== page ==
Research shows that both genes and the environment influence your child’s development. Genes are the blueprint for your child’s development and carry information about what your child will look like, how they might behave, his/her physical and mental health and more. The information in a child’s genes comes from his/her mother and father. The environment is the experiences your child has in his/her family, school and the wider community. The environment influences things like your child’s language, as well as how independent he/she is, how well he/she bounces back from tough times and how good he/she is at forming relationships.
As your child develops, genes and environment influence each other. The way your child’s genes and environment work together affects his/her development. For example, how your toddler responds to a stressful situation depends on his/her temperament (mostly determined by his/her genes) and the relationships he/she has with others in his/her environment (usually his/her family or close carers). Babies are born ready to learn, and their brains develop through use. So your child needs a stimulating environment with lots of different activities that give him/her plenty of ways to play and learn, and lots of chances to practice what he’s learning.
Other things such as nutrition, physical activity, health and the neighbourhood you live in also have a big impact on your child’s wellbeing and development. You have some control over some of these things – such as what your child eats and how much activity he/she does – but you might have less control over others, such as health.
Healthy food gives your child the energy and nutrients he/she needs to grow and develop. It helps develop his/her sense of taste. And healthy family food and eating patterns in the early years can set up healthy eating habits for life. Being physically active gets your child moving. It develops his/her motor skills, helps him/her think and gives him/her an opportunity to explore his/her world. So your child needs plenty of opportunities for active play, both inside and outside.
Your child’s health can influence his/her development. All children get sick at some point – for example, with coughs and colds, earaches or gastroenteritis. These minor childhood illnesses generally won’t cause any long-term problems with development. But chronic or long-term health conditions like diabetes, asthma, cystic fibrosis or cancer can affect your child’s development. If your child has a chronic health condition, it’s a good idea to talk with your doctor, child and family health nurse or other medical specialist about how this might affect his/her development.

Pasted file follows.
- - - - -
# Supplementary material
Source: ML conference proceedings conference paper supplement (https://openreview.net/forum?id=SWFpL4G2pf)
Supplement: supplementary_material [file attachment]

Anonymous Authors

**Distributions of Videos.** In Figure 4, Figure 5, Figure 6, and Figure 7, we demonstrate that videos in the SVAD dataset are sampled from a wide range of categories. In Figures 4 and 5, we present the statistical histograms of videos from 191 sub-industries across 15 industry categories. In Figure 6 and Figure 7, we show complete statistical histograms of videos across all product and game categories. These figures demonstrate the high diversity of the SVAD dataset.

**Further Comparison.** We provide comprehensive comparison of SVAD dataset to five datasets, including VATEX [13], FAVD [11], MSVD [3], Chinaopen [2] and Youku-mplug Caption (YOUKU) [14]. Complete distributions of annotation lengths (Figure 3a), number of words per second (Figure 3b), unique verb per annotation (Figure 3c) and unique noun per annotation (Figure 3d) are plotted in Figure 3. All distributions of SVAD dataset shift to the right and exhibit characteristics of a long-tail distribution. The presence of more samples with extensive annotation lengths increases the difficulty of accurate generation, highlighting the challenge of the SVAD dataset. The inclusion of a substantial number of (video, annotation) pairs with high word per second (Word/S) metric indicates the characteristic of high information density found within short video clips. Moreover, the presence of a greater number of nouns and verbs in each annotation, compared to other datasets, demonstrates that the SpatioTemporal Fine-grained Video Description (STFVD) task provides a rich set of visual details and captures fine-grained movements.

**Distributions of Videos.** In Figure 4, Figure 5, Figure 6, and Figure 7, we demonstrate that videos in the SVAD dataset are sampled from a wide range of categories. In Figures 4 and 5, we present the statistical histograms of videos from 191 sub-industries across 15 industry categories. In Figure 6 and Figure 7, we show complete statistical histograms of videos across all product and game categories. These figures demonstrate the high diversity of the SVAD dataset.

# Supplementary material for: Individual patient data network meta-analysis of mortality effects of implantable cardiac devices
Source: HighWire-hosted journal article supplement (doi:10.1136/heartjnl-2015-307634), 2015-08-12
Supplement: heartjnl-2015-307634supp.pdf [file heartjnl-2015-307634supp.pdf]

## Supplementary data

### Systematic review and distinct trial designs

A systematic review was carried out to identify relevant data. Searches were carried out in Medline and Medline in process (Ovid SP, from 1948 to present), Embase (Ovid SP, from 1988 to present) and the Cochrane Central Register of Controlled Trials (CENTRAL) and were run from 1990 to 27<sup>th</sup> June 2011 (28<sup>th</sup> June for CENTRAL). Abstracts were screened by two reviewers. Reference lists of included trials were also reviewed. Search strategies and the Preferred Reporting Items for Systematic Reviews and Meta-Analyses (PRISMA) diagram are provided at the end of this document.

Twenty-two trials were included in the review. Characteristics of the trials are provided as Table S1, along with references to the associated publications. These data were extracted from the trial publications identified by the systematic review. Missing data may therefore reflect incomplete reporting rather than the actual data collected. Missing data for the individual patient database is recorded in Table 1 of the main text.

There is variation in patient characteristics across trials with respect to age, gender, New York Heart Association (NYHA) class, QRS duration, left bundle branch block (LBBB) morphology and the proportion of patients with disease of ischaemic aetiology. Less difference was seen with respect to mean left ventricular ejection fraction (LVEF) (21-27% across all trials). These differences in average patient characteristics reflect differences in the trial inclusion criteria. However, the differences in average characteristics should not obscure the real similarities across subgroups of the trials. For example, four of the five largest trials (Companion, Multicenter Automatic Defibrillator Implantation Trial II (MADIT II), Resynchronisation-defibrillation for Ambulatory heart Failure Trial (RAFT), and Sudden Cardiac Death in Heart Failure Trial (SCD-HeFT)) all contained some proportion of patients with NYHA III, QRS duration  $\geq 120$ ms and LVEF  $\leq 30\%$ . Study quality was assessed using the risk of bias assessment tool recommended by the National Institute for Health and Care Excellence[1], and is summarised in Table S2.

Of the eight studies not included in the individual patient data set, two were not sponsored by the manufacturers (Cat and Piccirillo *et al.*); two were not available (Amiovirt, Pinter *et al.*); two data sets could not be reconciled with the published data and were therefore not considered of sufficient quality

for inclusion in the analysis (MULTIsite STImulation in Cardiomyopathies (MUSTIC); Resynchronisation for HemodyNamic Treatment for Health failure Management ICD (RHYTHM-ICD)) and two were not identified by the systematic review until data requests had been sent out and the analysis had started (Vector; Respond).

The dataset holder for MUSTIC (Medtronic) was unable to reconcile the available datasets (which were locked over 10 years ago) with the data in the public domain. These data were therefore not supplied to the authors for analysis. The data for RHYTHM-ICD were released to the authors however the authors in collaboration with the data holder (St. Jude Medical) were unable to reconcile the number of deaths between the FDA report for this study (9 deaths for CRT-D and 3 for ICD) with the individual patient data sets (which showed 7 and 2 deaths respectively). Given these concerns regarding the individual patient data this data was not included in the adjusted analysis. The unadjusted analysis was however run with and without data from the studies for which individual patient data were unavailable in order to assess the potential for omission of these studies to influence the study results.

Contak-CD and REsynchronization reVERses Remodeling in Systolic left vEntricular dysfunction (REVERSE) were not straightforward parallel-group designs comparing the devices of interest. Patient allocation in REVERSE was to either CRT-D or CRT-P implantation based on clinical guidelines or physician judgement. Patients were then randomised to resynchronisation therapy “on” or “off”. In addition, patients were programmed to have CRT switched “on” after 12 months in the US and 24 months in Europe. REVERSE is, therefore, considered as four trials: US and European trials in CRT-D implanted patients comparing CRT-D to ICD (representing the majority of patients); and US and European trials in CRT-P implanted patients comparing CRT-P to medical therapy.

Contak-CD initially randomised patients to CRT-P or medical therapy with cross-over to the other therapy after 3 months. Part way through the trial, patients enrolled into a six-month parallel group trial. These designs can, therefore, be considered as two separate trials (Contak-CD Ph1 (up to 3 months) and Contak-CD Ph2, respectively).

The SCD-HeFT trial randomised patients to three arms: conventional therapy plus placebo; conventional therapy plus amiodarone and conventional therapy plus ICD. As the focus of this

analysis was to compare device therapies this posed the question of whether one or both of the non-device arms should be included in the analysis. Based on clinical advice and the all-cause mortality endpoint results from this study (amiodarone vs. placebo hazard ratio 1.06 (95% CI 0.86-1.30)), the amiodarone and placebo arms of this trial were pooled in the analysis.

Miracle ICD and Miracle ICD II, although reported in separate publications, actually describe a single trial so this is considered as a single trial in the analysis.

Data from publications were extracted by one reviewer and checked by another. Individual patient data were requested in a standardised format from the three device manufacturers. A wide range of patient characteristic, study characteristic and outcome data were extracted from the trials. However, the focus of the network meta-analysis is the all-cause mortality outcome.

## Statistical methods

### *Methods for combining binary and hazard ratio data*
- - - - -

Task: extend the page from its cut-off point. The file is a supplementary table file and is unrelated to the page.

Your neighbourhood and local community influence your child’s development. For example, your child’s development is supported by having positive relationships with teachers, participating in community activities (for example, a local school fete), and having access to things like playgrounds, parks, shops and local services like child care, schools, health centres and libraries. But things like inadequate housing, poor-quality child care or unsafe playgrounds can compromise your child’s development.
Children’s relationships affect all areas and stages of their development. In fact, relationships are the most important experiences in your child’s environment because they teach them the most about the world around them. In turn, they shape the way they see the world. Your child learns about the world both by being in a relationship – for example, when he/she communicates with you – and also by seeing relationships between other people – for example, how you behave towards your partner, and how your partner behaves towards you.
Through relationships, your child learns whether the world is safe and secure, whether he/she is loved, who loves her, what happens when he/she cries, laughs or makes a face – and much more. And this learning is the basis for your child’s communication, behaviour, social and other skills. Your child’s most important relationships are with you, other family members and carers – for example, early childhood educators. These early relationships are the foundation for your child’s healthy development.
In the early years, your child’s main way of learning and developing is through play. Play is fun for your children and gives them an opportunity to explore, observe, experiment, solve problems and learn from his/her mistakes. He’ll need your support and encouragement to do this. But it’s important to try to find a balance between helping him/her and letting him/her make mistakes, because finding out for himself about how the world works is a big part of learning.
Lots of time spent playing, talking, listening and interacting with you helps your child learn the skills he/she needs for life, like communicating, thinking, solving problems, moving and being with other people and children. But more than this, play is a great relationship builder. Spending time playing with your child sends a simple message – you are important to me. This message helps your child learn about who he/she is and where he/she fits in the world. A loving, nurturing relationship helps you and your child learn a little more about each other every day. As your child grows and develops, his/her needs will change. You’ll learn more about what he/she needs and how you can meet these needs.